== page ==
Settling in your foundation becomes a problem when one section sinks more than the others do. This uneven movement stresses the building materials, which are not flexible. Concrete and drywall will crack under the pressure. The wooden frame of your house will twist or bend under the strain. The combination of these forces is what creates the sticking door and window problems for you.
This photo was taken by an Acculevel project advisor during a free home evaluation.
How Do You Detect Uneven Settling
In addition to the sticky door problem you’ve already noticed, there are two other major giveaways:
- Cracks in the drywall. These are usually located in the same room or section of the house where the door is sticking. The cracks should be around the door or window frame and often originate at the corner of the opening. (See photo below)
- Exterior cracks in the foundation itself. Again, these will most likely occur in the same area of the home as your problem door or window. (See photo above for an example.)
This photo was taken by an Acculevel project advisor during a free home evaluation.
How Do You Repair a Settling Foundation?
You’re going to need a professional contractor for something as significant as uneven settling. A foundation problem like this can have a tremendous impact on your home’s stability; after all, literally everything in your home is resting on that foundation!
All foundation repair experts agree that piers are the best way to stabilize your home’s foundation. Piers are designed to prevent a home from settling any further, and possibly even be able to lift the foundation back towards its earlier position.
There are two types of piers that can be installed: helical and push piers. Acculevel has installed both kinds, but we believe that helical piers are the best and safest choice for residential properties.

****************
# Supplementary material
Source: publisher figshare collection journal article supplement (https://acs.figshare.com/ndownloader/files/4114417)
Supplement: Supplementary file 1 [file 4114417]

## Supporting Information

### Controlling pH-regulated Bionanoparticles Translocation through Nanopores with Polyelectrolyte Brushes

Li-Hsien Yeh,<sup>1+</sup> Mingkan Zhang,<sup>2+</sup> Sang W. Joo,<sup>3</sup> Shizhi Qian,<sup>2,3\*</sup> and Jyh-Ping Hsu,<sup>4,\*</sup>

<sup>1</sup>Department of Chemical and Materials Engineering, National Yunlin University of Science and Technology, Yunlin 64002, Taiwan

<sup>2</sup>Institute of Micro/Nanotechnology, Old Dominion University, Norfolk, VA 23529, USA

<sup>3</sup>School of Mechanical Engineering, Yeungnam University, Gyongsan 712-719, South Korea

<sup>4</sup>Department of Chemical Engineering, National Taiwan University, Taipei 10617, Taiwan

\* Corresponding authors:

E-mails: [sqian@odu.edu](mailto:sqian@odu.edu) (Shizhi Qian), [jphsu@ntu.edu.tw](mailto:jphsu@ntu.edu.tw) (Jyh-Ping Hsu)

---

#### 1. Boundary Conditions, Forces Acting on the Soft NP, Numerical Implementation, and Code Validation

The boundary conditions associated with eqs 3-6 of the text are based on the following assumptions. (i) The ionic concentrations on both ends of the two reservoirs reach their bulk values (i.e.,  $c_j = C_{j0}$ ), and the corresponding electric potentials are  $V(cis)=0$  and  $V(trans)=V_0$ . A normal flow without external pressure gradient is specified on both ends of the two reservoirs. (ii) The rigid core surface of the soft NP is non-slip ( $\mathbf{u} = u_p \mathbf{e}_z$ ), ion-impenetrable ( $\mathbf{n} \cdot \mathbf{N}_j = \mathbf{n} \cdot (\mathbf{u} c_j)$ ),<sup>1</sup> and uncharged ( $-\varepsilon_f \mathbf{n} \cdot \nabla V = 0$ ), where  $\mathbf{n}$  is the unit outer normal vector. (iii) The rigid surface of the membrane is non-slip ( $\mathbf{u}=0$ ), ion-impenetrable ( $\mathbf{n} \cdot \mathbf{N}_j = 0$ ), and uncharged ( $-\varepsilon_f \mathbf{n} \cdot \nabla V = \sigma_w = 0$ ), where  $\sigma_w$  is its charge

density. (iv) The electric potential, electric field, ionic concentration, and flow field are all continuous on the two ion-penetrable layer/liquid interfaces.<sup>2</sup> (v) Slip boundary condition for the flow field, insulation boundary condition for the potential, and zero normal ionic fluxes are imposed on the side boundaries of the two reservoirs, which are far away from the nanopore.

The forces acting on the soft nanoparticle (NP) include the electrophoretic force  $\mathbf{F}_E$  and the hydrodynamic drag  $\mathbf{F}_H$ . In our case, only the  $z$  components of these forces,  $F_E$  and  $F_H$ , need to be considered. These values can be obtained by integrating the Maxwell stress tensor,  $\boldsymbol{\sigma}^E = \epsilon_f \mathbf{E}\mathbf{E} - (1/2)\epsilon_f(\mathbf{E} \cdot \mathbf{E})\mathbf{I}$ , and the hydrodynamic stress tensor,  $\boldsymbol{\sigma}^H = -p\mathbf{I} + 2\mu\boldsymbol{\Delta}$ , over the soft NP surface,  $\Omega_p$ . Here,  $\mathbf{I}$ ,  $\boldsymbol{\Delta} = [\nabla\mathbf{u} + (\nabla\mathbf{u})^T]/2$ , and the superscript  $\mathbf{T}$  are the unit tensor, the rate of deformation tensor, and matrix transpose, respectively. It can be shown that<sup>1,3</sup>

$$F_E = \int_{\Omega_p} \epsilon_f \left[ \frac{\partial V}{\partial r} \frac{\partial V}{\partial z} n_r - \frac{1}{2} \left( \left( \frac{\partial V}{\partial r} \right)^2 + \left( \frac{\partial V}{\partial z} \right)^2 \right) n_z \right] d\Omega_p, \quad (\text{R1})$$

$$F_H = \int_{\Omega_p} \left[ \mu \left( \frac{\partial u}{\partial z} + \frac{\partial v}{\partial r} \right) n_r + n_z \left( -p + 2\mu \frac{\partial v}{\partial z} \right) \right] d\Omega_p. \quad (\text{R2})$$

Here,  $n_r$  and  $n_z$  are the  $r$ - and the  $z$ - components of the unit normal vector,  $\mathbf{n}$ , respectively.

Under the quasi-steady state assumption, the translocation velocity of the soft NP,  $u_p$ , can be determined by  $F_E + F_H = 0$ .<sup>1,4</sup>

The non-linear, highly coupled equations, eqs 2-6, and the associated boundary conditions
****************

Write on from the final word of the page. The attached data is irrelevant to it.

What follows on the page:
This is an illustration of helical piers supporting a foundation.
What Are Helical Piers?
Helical piers are sort like giant screws; they’re steel posts that are driven into the ground until they reach stable, undisturbed soil. Once they’re securely set into the ground, they’re attached to your foundation with brackets.
In some cases, piers can be used to slightly lift the foundation, to “even out” the home. This isn’t always possible. The longer a home has been settling, or the farther into the earth it has sunk, the less likely it will lift. But in ideal conditions — like the home in the picture below — the foundation can be elevated enough to restore functionality to window and door frames.
This photo was taken by an Acculevel crew member during pier installation. This pier is located directly under a door that has a gap forming in one corner.
If your home has a basement or crawl space, helical piers can be used to stabilize and prevent further settling. In some cases, piers are also used for slab foundations. However, slab foundations are often repaired with slab jacking, which is a method of concrete leveling. In some instances, you may even need a combination of piers and slab jacking.
This is why it is so essential that you find an experienced and knowledgeable contractor to assess your foundation. If helical piers are installed incorrectly, or in the wrong location, they are not going to stabilize your home (or fix your sticking doors).
This photo was taken by an Acculevel project advisor during a free home evaluation. You can see the gap forming below the window.
Learn More About Helical Piers
Our learning center offers more resources for you, addressing the questions we are asked most frequently by our customers.
- How do helical piers compare to push piers?
- Do you have an example of using slab jacking and piers?
- How much does pier installation cost?
- What do I need to know before I have piers installed?
Do You Have Sticking Windows or Doors?
If you live in Indiana or in the surrounding states, call Acculevel! We’ll schedule an appointment for you with one of our friendly and knowledgeable project advisors. They’ll evaluate your home, discuss your concerns, and help you decide on the best course of action for you and your family.
Whether you need waterproofing or foundation repair, most of our services include a life-of-structure warranty. Equipment like sump pumps and dehumidifiers come with a 5-year manufacturer’s warranty (which we service for our customers).
Want to know more about us? Check out what our customers say: we have more than 700 reviews on Google with a 4.8 average rating.
Don’t live in our service area? You’ll need to find a foundation repair company that is reputable and experienced with installation helical piers. We recommend that you verify the contractor is insured and accredited with the Better Business Bureau.